North Hills and Manorhaven say no to marijuana

Jessica Parks
North Hills Mayor Marvin Natiss (Photo by Amelia Camurati)

The villages of North Hills and Manorhaven have effectively banned marijuana as of last Wednesday’s board of trustees meeting in each village.

Manorhaven trustees voted to implement a six-month moratorium prohibiting the sale of marijuana for both recreational and medical use within the village limits.

North Hills’ law is meant to mirror federal regulations, such as those that outlaw the sale of marijuana as a controlled substance, said Mayor Marvin Natiss.

“I think [marijuana] is a problem,” he said. “I don’t know what people do when they get high.”

If they do so outside the law, “that’s their problem,” the mayor said.

Nowhere in North Hills’ law is marijuana itself mentioned. Instead, it says that no “good, substance, material or product in violation of any law, rule or regulation of the United States or the state of New York” may be created, sold, or consumed in the village.

The law is a reassurance that people in the village abide by the federal law, especially since the village is largely residential, leaving little room for a potential dispensary to move in, Nattis said.

He recently attended a seminar about the issue of marijuana legalization hosted by the Nassau County Village Officials Association, he said. Nattis left with concerns about real revenue as well as a lack of standards for measuring the effects of marijuana consumption. 

“From Colorado they’ve said it’s a cash business and therefore nobody knows what the revenue income is,” he said. “Nobody knows what the effects are and I don’t think it’s going to be controlled…I think it creates a problem when you legalize it.”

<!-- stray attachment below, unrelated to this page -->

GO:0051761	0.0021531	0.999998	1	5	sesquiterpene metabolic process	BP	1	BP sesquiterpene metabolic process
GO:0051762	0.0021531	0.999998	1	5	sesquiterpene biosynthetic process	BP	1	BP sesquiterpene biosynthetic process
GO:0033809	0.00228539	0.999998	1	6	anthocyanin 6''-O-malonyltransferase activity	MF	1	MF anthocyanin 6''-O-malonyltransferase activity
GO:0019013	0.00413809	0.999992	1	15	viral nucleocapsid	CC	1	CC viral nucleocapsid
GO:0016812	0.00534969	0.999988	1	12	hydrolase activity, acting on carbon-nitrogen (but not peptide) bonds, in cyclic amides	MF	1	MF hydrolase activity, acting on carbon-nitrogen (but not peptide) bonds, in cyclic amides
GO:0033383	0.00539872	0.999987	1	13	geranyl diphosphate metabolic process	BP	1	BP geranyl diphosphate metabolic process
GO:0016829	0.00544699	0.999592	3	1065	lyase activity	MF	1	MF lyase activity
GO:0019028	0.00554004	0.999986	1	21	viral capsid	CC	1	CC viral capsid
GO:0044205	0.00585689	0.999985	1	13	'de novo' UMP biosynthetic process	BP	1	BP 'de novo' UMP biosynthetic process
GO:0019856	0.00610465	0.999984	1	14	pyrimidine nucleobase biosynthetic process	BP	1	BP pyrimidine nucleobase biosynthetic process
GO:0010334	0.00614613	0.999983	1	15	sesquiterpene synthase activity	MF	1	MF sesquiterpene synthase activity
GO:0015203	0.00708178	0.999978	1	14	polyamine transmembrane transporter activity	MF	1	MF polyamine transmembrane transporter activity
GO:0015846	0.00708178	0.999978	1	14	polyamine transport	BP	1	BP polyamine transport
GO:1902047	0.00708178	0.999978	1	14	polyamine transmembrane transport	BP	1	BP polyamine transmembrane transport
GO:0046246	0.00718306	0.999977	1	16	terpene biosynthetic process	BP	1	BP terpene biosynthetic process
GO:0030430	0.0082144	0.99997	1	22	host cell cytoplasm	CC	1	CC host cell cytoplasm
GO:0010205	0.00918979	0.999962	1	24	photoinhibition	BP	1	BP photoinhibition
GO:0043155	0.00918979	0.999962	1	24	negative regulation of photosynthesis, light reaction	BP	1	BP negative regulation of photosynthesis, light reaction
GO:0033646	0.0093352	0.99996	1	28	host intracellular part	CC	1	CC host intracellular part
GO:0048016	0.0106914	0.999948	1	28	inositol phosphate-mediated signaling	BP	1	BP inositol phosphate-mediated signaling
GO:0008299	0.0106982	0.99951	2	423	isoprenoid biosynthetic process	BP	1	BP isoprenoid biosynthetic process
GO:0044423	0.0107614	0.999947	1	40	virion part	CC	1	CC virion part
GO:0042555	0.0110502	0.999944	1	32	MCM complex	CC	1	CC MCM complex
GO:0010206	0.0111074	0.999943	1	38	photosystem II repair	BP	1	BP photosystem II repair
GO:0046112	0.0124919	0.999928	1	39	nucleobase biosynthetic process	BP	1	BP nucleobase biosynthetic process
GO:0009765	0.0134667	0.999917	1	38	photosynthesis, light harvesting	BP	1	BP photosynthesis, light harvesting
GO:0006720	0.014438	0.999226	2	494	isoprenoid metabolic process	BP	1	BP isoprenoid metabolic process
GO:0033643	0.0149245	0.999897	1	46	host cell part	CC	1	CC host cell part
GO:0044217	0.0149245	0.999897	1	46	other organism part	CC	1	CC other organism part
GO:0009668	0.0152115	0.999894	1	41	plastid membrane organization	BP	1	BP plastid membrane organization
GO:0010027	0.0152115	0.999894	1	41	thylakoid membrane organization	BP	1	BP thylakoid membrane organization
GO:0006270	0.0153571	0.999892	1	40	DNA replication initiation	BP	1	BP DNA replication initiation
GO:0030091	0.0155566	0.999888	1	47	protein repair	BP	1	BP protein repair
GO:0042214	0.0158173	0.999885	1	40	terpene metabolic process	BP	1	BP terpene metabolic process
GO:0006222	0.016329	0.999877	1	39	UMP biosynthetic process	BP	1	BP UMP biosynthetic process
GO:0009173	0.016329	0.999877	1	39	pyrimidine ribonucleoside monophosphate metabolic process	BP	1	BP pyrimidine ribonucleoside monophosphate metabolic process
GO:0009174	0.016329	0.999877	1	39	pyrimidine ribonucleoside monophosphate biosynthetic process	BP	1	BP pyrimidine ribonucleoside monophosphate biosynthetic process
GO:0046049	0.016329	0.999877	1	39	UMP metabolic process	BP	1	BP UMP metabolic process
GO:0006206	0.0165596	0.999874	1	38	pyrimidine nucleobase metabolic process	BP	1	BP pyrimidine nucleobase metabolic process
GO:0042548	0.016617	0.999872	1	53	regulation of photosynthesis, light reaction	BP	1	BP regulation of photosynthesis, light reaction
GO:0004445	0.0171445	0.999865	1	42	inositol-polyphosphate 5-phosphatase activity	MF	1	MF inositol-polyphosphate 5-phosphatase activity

The village board passed the law unanimously last Wednesday. No members of the community spoke at the public hearing, the mayor said.

In Manorhaven, the moratorium on marijuana sales was passed at a record-breaking village meeting of 21 minutes, Mayor Jim Avena said.

The sale of marijuana will be listed as a prohibited use under the village code and will require renewal every six months.

“Nobody wants that here,” Avena said.

The proposed law was first introduced in early March when it was thought that Gov. Andrew Cuomo was set to legalize marijuana, which did not occur in the recent budget passed on April 1.

Cuomo has vowed to get the Legislature to legalize marijuana for recreational use by June, according to the New York Post.

Manorhaven trustees also renewed a moratorium on the installation of cell nodes, small cell devices used to support the incoming 5G network, in the village for another six months. It was first implemented in October of last year.

The 5G network is expected to be faster and more cost-effective than its predecessor, 4G.

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